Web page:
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Kilimanjaro Guides and Porters

Mountain porters

Once on the Mountain, your guide is your mentor and it is his duty to advise, lead, support and encourage you to safely achieve your personal goal, then to bring you down to the gate again. He will hike with you and answer any questions you have about the mountain. It is important that you work closely with your guide and follow his advice.
If you feel unwell at any time you must be honest and tell your guide.

The guide recruits the mountain crew (porters, assistants, chefs) and it is his responsibility to see that the crew work efficiently and everything runs smoothly and safely. For this reason your guide may need to attend to other duties as well as accompany you.

The porter to client ratio is generally a calculation of 2.5 porters to 1 client. The maximum load a porter should carry is 15 kg. Porters carry client’s back-packs, food, trekking equipment and general supplies as well as their own personal gear. Their load is weighed at the entry gate. More porters may need to be allocated to the climb crew if loads exceed National Park regulations.
The porters duties are very physical and tiring, but, under the leadership of the guide, everything should be waiting for you when you arrive at the end of the hike and ready for you to leave the following morning.

Mountain chefs

Preparing and cooking food at altitude (often in bad weather conditions) takes skill and patience. Mountain chefs are highly skilled and will accommodate your food preferences whenever possible. We would like to know in advance if you have any special food requirements.

Tipping Porters & Guides on Kilimanjaro

Before climbing Mt. Kilimanjaro, most climbers often start worrying about the porter and guide’s tip before the climb starts. They want to know how much it will affect their budget, and to make sure they are paying a good tip. A climbing tip should only be given if you received good service.

When you are considering how much to tip your mountain crew, think about how efficiently your porters carried your equipment, prepared the campsite or hut and the level and quality of any extra services (e.g. water carriage and wood collection). Consider the food standard and efficiency of service from the chef and kitchen assistant and also remember they have to porter items. Finally, consider how informative and helpful was your guide and how efficiently did he run the team!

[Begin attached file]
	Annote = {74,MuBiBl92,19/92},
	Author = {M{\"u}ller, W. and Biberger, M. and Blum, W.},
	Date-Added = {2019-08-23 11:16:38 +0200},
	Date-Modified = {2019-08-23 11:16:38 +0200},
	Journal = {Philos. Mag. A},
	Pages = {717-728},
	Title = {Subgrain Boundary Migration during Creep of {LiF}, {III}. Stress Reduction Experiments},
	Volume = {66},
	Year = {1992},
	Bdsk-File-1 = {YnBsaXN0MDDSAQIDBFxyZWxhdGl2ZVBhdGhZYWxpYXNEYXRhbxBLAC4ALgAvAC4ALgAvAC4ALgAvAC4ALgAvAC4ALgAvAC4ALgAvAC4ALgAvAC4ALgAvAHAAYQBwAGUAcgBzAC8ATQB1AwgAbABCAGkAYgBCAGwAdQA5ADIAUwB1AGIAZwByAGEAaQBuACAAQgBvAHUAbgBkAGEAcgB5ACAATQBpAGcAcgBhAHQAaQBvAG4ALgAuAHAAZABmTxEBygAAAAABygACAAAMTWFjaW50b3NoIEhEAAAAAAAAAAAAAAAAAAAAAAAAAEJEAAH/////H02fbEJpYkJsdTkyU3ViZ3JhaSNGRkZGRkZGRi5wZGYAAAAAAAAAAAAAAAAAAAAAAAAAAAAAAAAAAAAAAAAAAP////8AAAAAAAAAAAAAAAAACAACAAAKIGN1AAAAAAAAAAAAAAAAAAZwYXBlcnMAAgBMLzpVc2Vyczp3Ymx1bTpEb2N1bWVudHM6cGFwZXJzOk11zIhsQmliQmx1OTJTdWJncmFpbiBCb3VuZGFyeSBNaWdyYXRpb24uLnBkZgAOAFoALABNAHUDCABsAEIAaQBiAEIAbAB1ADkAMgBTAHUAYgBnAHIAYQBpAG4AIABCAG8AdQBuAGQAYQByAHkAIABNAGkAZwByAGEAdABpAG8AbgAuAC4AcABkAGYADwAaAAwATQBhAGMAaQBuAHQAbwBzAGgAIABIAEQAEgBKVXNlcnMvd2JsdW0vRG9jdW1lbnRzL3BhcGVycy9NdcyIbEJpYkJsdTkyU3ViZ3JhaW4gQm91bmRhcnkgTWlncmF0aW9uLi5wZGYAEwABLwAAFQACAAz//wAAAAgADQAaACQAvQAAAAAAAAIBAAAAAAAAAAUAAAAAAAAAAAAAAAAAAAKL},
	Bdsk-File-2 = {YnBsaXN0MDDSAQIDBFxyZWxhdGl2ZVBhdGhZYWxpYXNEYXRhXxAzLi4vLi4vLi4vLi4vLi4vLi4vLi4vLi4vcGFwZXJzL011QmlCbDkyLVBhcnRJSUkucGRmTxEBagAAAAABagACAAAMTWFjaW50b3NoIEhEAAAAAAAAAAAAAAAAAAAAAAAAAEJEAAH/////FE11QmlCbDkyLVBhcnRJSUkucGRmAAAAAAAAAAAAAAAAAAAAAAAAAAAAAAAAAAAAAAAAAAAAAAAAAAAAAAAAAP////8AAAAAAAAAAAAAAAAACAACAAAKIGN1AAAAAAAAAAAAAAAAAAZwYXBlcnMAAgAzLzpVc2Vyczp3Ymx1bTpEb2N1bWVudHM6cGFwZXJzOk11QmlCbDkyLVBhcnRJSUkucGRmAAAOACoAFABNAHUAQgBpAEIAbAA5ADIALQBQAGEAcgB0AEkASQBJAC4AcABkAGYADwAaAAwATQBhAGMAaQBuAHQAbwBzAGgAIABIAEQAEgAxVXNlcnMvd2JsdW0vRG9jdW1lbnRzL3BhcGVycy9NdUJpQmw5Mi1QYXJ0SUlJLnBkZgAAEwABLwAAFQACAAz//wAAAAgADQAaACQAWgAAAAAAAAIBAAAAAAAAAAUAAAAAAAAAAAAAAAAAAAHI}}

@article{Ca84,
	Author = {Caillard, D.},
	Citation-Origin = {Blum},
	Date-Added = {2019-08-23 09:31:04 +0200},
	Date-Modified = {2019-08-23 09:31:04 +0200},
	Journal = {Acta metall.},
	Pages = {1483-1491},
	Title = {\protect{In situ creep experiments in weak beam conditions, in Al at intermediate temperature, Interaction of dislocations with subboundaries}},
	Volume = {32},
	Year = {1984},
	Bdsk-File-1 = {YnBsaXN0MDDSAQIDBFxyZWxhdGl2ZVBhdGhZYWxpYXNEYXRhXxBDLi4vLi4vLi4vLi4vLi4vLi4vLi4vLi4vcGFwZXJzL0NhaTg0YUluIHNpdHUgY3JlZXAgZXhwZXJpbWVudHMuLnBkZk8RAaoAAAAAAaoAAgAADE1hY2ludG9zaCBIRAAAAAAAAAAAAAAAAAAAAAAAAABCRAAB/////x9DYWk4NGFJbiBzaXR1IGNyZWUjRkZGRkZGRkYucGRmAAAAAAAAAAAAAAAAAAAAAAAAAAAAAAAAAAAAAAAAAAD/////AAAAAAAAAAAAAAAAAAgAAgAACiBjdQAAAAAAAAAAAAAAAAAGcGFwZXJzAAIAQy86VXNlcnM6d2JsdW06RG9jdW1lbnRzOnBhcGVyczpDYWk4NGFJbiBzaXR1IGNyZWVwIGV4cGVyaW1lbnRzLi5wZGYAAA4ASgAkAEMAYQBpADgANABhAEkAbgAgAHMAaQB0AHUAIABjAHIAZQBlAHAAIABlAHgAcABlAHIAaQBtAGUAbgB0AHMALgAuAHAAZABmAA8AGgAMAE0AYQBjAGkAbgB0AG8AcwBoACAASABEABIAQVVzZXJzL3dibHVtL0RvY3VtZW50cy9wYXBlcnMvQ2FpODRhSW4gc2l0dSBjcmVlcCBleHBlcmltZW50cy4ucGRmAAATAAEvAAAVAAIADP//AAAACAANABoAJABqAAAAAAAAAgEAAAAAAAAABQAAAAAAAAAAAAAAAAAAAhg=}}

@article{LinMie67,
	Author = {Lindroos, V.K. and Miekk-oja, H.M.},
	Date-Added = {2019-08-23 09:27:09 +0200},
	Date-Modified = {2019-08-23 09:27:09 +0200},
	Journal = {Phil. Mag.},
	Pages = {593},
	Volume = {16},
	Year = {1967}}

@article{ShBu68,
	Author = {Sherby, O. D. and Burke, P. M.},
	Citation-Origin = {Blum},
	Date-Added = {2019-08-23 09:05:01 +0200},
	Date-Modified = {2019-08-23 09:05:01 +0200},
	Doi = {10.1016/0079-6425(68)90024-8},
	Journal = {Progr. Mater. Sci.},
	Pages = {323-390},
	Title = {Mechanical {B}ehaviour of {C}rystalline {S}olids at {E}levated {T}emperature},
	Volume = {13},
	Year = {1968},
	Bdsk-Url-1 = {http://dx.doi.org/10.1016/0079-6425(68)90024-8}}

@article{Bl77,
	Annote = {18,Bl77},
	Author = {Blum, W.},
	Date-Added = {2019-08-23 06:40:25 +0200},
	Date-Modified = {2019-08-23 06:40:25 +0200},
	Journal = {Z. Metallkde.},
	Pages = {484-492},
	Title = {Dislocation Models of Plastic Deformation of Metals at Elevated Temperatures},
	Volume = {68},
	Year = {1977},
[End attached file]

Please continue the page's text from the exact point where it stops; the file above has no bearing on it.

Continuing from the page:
A typical porter on an eight day climb, on the Western Breach or the Lemosho, should receive around a $40 tip; a cook could receive about $80; and a head guide could receive $100 or more. These tips are divided by the total number of people in the group, not per person. A porter on a seven day climb on the Machame route would receive around $35.

A general estimate, for your budget, per Kilimanjaro climber runs from about $175 to $250 per person depending upon the following factors: the number of people in your group, the number of the porters (which is often quite large), number of guides, cooks, and sometimes the route. It’s impossible to predict an exact tip in advance because it really depends upon how much gear is brought up the mountain, and how much weight is brought up the mountain. There is not a de facto standard of tipping for all companies, it’s only a recommendations from organizations, NGOs and the Tanzanian government. Some higher-end companies have seen tips in excess of these recommendations. Some budget companies have seen tips lower than this.

A couple things to remember when tipping Kilimanjaro porters

  • Tip directly to the porters, not the guides.
  • Bring a packet of 50 letter size envelopes to distribute the tip
  • Determine a tip for each component of your climbing group: the porters, cooks, assistant guides, and the lead guide.
  • Distribute it on the final morning of the descent usually at Mweka Camp or the Park Gate
  • Tip in either Tanzanian Shillings or US Dollars
  • The average Tanzanian makes $40 per month. A $40 tip for difficult work for many days is a great wage and supports the local economy.

Generally speaking, an example of a tip breaks down like this

  • Porters $5 per day per porter
  • Cooks $8 to $10 per cook
  • Assistant Guides $8 to $10 per guide
  • Kilimanjaro Guides $20 per day and up per guide
  • Safari Guides $20 per day and up per guide

In other words, if you had four porters, 2 assistant guides and 1 lead guide. The total trip would be around $420.

4 porters X $40 = $160 Total
2 assistant guides X $80 = $160
1 lead guide X $100 = $100
Total = $420 / Number of people in the group